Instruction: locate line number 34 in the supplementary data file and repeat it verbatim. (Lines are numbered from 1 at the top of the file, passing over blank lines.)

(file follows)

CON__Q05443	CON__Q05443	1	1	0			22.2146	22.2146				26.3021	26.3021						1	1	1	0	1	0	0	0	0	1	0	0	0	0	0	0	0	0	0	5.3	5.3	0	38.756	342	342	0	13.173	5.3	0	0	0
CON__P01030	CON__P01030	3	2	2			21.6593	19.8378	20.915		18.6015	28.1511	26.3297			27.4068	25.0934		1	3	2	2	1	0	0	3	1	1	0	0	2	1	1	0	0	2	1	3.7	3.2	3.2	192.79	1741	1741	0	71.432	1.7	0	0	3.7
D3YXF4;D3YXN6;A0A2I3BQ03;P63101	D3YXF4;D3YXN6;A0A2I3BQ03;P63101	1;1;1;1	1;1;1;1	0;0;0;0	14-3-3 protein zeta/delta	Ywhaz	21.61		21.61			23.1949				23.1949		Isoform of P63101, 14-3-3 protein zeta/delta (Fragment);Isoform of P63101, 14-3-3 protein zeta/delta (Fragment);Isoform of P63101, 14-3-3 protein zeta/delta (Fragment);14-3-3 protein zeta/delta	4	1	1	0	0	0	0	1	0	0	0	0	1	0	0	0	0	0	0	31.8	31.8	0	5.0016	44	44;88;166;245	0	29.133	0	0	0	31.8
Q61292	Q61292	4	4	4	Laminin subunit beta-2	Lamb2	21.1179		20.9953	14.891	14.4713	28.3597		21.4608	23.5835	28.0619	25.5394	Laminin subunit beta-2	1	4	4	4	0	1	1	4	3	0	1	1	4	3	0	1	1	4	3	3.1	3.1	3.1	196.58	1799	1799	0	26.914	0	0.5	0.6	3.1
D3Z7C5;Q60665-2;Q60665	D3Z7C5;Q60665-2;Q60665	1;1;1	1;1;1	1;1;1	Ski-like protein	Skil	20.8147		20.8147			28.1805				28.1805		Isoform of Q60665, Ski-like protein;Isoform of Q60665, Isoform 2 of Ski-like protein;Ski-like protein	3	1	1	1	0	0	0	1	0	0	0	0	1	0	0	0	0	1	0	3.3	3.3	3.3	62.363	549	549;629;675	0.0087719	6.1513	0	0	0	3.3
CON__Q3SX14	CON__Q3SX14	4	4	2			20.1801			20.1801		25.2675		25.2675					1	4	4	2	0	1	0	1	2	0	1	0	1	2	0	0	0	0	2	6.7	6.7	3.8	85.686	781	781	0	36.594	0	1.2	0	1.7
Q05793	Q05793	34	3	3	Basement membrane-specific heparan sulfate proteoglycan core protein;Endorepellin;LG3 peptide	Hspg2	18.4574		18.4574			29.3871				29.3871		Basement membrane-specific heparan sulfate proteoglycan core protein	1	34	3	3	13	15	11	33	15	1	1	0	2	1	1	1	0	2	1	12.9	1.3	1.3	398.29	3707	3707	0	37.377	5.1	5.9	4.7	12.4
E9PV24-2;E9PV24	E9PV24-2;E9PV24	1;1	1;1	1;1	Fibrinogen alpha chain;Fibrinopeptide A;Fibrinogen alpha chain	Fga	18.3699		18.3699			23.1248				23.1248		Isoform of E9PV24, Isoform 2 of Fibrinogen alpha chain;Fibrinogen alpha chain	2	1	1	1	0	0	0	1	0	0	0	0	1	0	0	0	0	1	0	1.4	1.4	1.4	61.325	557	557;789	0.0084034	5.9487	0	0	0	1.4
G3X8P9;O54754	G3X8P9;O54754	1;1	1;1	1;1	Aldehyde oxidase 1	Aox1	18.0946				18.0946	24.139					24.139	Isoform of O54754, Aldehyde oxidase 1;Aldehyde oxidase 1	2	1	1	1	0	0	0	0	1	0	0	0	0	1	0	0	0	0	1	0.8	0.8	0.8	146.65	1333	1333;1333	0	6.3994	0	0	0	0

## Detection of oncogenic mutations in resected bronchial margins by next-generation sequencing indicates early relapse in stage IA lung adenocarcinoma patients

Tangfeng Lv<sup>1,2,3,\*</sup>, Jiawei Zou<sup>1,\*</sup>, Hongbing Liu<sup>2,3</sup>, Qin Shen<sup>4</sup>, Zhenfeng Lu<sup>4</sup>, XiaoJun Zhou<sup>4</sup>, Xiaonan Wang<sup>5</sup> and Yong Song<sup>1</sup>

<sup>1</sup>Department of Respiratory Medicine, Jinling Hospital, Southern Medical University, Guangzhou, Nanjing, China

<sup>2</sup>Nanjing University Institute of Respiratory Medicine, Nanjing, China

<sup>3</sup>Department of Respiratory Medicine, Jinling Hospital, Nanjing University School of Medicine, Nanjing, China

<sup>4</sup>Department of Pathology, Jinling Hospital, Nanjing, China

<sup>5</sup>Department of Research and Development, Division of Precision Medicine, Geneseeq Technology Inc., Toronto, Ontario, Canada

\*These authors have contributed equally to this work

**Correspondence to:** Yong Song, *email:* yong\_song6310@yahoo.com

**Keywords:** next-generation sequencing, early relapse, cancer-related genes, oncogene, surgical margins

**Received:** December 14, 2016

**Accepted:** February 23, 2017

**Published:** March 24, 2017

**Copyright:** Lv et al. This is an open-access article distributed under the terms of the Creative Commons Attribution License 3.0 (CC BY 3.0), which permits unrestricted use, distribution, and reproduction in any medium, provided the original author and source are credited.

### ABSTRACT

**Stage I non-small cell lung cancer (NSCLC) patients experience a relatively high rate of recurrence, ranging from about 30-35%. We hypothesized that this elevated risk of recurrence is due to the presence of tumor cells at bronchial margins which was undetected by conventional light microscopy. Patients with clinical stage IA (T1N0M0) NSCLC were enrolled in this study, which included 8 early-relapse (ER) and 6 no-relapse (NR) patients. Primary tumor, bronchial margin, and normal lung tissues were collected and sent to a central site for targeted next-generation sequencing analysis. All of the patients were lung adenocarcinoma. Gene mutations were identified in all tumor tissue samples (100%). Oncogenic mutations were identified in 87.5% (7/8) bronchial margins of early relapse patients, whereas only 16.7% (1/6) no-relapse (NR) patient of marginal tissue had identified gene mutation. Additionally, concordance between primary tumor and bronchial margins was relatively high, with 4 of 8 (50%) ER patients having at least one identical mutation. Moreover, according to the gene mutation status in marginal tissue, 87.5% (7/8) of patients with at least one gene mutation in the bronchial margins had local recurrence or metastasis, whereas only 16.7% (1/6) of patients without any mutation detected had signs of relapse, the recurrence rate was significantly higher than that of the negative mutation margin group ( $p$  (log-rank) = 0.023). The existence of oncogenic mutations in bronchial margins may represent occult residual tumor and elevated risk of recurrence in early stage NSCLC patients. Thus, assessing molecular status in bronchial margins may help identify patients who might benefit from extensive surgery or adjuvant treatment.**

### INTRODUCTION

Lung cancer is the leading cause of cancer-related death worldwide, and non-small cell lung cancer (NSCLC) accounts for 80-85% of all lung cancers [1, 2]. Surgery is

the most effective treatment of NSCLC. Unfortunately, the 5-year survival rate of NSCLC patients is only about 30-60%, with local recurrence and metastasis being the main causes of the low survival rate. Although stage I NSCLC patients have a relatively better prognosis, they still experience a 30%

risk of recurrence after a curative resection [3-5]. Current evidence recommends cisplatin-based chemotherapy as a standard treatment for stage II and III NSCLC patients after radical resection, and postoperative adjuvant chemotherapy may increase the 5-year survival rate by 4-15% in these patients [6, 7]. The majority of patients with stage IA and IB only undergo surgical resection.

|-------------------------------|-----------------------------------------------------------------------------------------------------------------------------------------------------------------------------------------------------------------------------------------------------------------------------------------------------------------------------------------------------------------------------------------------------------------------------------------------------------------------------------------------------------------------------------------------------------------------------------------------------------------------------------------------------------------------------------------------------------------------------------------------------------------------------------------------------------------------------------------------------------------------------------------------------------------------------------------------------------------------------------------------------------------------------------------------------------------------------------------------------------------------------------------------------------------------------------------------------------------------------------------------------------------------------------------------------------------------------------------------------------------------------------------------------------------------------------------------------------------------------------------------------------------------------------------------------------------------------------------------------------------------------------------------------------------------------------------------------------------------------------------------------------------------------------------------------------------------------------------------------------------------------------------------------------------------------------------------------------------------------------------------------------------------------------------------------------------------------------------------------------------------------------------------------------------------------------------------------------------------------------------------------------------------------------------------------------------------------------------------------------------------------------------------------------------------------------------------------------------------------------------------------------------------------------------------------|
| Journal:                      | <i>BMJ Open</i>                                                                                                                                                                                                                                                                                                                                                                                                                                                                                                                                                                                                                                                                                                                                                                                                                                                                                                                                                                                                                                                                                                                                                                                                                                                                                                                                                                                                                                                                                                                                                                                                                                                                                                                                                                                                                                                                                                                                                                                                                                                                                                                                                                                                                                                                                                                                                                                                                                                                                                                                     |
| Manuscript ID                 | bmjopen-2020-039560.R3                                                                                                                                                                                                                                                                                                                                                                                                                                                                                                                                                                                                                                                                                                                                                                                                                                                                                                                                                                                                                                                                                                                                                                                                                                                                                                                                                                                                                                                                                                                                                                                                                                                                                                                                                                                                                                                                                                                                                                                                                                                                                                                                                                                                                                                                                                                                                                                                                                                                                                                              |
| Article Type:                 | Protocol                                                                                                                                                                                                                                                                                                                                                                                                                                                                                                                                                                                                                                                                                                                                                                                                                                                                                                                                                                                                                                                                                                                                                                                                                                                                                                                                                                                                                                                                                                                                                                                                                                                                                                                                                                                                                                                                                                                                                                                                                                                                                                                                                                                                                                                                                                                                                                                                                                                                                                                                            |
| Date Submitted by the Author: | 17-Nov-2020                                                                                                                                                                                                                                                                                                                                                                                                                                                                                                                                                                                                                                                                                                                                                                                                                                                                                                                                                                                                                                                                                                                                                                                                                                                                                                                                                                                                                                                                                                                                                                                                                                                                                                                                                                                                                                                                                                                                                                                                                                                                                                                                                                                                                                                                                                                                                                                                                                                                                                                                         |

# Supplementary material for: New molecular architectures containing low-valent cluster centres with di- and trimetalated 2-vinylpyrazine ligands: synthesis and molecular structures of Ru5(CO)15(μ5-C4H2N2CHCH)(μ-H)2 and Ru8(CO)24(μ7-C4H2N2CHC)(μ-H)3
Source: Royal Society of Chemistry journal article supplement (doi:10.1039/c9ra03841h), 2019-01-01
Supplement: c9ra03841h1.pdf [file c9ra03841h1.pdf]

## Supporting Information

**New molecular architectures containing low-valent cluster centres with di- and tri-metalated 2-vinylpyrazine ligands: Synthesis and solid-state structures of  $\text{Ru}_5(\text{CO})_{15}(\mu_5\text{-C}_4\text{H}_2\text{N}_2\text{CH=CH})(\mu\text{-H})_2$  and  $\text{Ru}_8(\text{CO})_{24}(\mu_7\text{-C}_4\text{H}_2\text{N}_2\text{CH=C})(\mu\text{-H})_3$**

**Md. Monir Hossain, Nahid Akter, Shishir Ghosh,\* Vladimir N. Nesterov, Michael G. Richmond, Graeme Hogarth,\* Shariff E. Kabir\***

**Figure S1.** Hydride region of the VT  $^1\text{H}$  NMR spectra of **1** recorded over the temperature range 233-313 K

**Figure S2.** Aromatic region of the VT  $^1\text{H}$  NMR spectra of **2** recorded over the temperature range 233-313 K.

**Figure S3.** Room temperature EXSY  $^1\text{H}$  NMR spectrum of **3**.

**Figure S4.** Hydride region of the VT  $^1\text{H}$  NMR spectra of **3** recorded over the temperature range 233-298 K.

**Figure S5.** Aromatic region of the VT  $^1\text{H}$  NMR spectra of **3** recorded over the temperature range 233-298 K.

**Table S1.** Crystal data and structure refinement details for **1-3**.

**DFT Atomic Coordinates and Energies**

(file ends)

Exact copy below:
| Date Submitted by the Author: | 17-Nov-2020                                                                                                                                                                                                                                                                                                                                                                                                                                                                                                                                                                                                                                                                                                                                                                                                                                                                                                                                                                                                                                                                                                                                                                                                                                                                                                                                                                                                                                                                                                                                                                                                                                                                                                                                                                                                                                                                                                                                                                                                                                                                                                                                                                                                                                                                                                                                                                                                                                                                                                                                         |